The United States government should uphold refugee protections for survivors of domestic violence, the Center for Gender and Refugee Studies (CGRS) and Human Rights Watch said today.
In December 2018, a federal judge delivered a sharp rebuke to the Trump administration’s most significant attempt to undermine asylum protections for domestic violence survivors. A June decision by then-Attorney General Jeff Sessions in a case involving a woman whose initials were A.B. attempted to place a sweeping ban on domestic violence claims.
Following a lawsuit filed by CGRS and the American Civil Liberties Union over the summer, US District Judge Emmet G. Sullivan of the US District Court for the District of Columbia ruled that the administration could not impose such a ban and that people who make domestic violence claims must have a fair opportunity to apply for asylum.
But despite Sullivan’s favorable ruling, Ms. A.B.’s case remains in limbo. Until Sessions’s decision is overturned, she and thousands of women like her will continue to face an uphill battle in the courts.
Today CGRS and HRW released a video in which Ms. A.B. shares her story of abuse in El Salvador, the impossibility of finding protection in her home country, and her quest to find safety in the US.
“Ms. A.B. suffered brutal physical, sexual, and emotional abuse, and every time she sought protection from the Salvadoran authorities, the police would not protect her,” said Karen Musalo, one of the woman’s attorneys and director of the Center for Gender and Refugee Studies. “In denying her asylum, the former attorney general not only overturned clearly established case law recognizing the right to asylum for survivors of domestic violence, but also repudiated the well-accepted principle that women’s rights are human rights.”
The incoming attorney general should rescind Sessions’s decision, the groups said. If not, Congress should enact legislation that protects the right to asylum for domestic violence survivors and others whose claims have been undermined by the ruling in Ms. A.B.’s case.
Sessions’s administrative decision denying Ms. A.B. asylum overruled the Board of Immigration Appeals’ ruling in a seminal 2014 case, Matter of A-R-C-G-, which recognized that domestic violence survivors may qualify for asylum.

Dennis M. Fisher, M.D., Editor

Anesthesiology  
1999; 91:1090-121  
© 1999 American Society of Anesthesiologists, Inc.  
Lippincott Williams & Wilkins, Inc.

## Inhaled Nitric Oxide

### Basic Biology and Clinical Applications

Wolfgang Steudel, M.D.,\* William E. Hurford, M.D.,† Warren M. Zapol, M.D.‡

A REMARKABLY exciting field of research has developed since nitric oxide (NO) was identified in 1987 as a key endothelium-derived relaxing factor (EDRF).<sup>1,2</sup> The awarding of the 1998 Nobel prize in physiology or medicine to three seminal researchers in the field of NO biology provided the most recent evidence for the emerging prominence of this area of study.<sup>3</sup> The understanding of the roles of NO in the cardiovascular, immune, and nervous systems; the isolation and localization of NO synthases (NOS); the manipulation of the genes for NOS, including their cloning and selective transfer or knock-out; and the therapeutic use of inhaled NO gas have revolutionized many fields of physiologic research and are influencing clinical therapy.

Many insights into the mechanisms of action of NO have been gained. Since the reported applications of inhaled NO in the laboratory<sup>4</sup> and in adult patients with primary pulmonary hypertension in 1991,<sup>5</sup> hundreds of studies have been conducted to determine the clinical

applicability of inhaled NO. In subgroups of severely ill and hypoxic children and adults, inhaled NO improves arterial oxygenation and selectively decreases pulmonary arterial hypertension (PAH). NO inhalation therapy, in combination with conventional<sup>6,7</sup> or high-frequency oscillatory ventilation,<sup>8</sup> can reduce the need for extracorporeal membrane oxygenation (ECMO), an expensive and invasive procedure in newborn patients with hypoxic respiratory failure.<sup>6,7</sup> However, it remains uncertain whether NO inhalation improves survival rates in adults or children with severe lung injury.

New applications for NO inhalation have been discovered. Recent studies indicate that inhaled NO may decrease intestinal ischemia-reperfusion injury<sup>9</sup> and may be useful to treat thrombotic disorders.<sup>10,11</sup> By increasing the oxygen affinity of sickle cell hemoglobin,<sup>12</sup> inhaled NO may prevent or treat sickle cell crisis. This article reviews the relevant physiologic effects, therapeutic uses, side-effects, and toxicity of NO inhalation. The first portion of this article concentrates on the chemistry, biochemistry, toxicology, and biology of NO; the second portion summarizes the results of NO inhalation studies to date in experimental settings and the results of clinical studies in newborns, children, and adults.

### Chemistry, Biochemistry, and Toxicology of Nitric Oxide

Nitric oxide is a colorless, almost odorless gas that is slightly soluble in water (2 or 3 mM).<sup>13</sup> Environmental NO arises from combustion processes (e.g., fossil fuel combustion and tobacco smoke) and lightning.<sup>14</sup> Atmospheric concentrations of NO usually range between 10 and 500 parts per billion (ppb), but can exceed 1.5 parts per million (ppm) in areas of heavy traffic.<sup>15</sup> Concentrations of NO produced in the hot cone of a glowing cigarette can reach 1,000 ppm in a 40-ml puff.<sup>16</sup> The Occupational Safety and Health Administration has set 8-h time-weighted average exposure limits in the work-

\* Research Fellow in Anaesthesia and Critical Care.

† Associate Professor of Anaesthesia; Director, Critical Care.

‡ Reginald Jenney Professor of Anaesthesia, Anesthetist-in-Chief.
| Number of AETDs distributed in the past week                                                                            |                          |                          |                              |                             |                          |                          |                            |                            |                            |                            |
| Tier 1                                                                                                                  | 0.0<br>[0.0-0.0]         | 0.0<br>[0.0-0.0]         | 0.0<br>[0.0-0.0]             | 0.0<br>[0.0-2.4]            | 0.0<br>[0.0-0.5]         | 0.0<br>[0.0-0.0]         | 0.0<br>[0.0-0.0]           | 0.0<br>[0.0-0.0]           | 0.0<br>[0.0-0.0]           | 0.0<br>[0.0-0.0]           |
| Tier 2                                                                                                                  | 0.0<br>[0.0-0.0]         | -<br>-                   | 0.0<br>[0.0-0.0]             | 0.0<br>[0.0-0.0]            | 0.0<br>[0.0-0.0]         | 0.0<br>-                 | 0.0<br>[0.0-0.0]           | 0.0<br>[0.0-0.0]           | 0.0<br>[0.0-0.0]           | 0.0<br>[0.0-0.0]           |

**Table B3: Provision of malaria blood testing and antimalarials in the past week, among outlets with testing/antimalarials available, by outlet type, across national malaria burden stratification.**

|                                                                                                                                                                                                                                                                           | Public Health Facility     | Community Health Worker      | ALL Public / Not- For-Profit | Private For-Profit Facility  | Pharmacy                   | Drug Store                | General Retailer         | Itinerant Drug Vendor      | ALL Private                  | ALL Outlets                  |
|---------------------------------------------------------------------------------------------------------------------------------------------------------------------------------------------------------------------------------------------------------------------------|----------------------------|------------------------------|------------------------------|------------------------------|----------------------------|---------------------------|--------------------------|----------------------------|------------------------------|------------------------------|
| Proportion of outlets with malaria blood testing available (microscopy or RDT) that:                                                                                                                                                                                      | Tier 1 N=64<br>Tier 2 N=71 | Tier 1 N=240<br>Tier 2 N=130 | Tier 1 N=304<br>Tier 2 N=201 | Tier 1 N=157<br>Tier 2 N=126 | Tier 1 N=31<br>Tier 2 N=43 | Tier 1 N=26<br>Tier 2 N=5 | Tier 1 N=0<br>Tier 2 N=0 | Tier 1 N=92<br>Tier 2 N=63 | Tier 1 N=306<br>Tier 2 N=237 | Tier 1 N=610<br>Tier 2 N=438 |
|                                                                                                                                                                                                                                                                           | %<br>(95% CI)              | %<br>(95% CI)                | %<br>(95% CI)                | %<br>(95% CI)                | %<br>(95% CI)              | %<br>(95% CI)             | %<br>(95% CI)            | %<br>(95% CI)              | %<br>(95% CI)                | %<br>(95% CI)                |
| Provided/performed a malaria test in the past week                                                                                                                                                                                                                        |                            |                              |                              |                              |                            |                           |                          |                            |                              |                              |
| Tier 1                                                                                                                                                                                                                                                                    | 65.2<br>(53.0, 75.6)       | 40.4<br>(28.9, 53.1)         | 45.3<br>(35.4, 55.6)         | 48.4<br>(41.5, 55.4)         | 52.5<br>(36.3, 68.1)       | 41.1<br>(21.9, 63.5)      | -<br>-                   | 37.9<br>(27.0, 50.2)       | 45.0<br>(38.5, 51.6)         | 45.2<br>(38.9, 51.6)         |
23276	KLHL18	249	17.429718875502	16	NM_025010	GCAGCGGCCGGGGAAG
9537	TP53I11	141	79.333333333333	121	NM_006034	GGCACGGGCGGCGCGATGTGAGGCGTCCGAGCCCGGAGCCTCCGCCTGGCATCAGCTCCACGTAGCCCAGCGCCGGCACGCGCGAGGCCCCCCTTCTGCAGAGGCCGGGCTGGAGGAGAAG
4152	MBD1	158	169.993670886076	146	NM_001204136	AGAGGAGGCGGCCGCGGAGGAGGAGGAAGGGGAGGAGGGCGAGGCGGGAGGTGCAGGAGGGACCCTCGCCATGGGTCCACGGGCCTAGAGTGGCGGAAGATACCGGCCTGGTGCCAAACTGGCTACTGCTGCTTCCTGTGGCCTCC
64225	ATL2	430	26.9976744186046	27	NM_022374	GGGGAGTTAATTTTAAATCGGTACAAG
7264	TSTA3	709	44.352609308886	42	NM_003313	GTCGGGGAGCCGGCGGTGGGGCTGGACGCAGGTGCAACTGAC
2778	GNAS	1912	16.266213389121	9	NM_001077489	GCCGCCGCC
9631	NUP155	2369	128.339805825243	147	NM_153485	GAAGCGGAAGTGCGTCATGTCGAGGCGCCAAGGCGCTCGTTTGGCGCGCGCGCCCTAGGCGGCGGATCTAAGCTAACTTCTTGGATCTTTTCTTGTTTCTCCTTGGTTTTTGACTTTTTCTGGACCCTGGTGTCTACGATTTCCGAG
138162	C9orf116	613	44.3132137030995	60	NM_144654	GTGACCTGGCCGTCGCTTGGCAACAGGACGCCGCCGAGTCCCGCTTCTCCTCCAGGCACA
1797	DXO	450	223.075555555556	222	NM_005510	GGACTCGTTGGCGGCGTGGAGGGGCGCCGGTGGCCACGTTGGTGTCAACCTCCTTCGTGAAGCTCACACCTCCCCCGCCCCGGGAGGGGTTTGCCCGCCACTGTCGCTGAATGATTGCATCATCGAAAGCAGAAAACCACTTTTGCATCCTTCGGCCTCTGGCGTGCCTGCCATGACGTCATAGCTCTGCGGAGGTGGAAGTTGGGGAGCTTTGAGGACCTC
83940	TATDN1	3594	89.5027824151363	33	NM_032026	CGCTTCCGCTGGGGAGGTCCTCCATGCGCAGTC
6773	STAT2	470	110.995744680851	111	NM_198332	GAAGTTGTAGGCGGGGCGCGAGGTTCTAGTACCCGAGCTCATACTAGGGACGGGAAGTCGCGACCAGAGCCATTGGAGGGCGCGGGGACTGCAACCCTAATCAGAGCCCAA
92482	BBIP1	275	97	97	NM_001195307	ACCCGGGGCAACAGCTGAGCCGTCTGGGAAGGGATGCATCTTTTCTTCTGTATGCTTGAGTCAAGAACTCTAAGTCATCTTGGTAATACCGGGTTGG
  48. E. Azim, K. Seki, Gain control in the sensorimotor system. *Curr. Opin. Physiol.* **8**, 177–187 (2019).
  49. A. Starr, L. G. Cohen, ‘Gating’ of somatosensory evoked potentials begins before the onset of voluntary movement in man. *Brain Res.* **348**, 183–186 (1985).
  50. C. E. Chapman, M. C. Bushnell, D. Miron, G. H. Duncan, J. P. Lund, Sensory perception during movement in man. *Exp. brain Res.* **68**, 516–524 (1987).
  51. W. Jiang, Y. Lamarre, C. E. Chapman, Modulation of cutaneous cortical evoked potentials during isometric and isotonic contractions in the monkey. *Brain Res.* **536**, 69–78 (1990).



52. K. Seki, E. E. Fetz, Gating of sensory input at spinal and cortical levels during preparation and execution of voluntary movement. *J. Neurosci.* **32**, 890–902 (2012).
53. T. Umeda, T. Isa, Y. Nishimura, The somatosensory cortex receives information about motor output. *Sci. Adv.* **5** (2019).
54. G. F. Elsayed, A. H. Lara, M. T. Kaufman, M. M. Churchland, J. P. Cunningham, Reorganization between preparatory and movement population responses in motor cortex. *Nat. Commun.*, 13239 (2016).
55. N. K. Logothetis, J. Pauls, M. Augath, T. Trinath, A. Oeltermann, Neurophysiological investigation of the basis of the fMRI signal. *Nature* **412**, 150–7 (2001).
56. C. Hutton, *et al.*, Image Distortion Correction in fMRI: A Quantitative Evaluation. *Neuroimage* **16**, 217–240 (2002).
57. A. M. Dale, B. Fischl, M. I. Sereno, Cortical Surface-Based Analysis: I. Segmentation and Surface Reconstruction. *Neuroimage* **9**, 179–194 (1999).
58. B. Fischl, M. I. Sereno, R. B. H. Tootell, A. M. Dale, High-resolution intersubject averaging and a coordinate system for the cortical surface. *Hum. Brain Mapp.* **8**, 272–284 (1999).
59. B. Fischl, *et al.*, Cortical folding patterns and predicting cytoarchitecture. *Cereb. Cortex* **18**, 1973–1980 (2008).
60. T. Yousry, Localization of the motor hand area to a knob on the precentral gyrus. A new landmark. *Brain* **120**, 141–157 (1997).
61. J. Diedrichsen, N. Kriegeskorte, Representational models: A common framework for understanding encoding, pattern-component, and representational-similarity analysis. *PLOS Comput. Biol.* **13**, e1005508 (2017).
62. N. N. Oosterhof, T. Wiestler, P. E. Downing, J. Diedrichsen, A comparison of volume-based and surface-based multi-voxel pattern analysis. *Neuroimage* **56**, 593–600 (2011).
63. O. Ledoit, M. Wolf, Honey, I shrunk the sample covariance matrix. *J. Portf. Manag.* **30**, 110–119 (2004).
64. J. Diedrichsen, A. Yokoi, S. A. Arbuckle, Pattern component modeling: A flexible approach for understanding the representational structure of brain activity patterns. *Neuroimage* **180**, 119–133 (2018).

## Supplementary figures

Under US and international law, to be eligible for asylum, a person must show a well-founded fear of persecution on the grounds of race, religion, nationality, political opinion, or membership in a particular social group. Domestic violence survivors who are unable to secure protection in their home countries had been able to obtain asylum on the ground of membership in a particular social group, among others.
In the December ruling in Grace v. Whitaker, Sullivan struck down many of the new policies to carry out Sessions’s ruling, writing that there is “no legal basis for an effective categorical ban on domestic violence and gang-related claims.”
Under international law, governments have a clear obligation to prevent domestic violence, as well as to protect, support, and ensure access to justice and services for victims. But around the world, in Central America and elsewhere, women struggle to have governments ensure, or in some cases recognize, their right to protection.
In some countries, criminal law does not adequately address domestic violence. More often, domestic violence is outlawed but rates of domestic violence, including violence that ends in homicide, remains high as authorities fail to ensure justice.
“This is absolutely the case in El Salvador, where the government’s utter failure to protect Ms. A.B. forced her to flee for her life,” said Andrés López, her co-counsel.
The Trump administration’s move to severely limit asylum eligibility for domestic violence survivors is consistent with other regressive actions it has taken in recognizing violence against women as a human rights issue. The State Department’s annual human rights country reports since 2017 have excluded detailed analysis of violence against women, as well as reporting on women’s and girls’ reproductive health care.
“The Trump administration’s fallacious view that domestic violence is a matter between private actors fails to recognize the systemic abuse of women’s rights in countries where authorities cannot or do not protect women threatened with domestic violence,” said Grace Meng, senior US researcher at Human Rights Watch. “The serious and persistent problem of domestic violence cannot be eliminated unless the US and other countries recognize domestic violence, and the related acts or omissions of the government, as violations of women’s basic human rights.”
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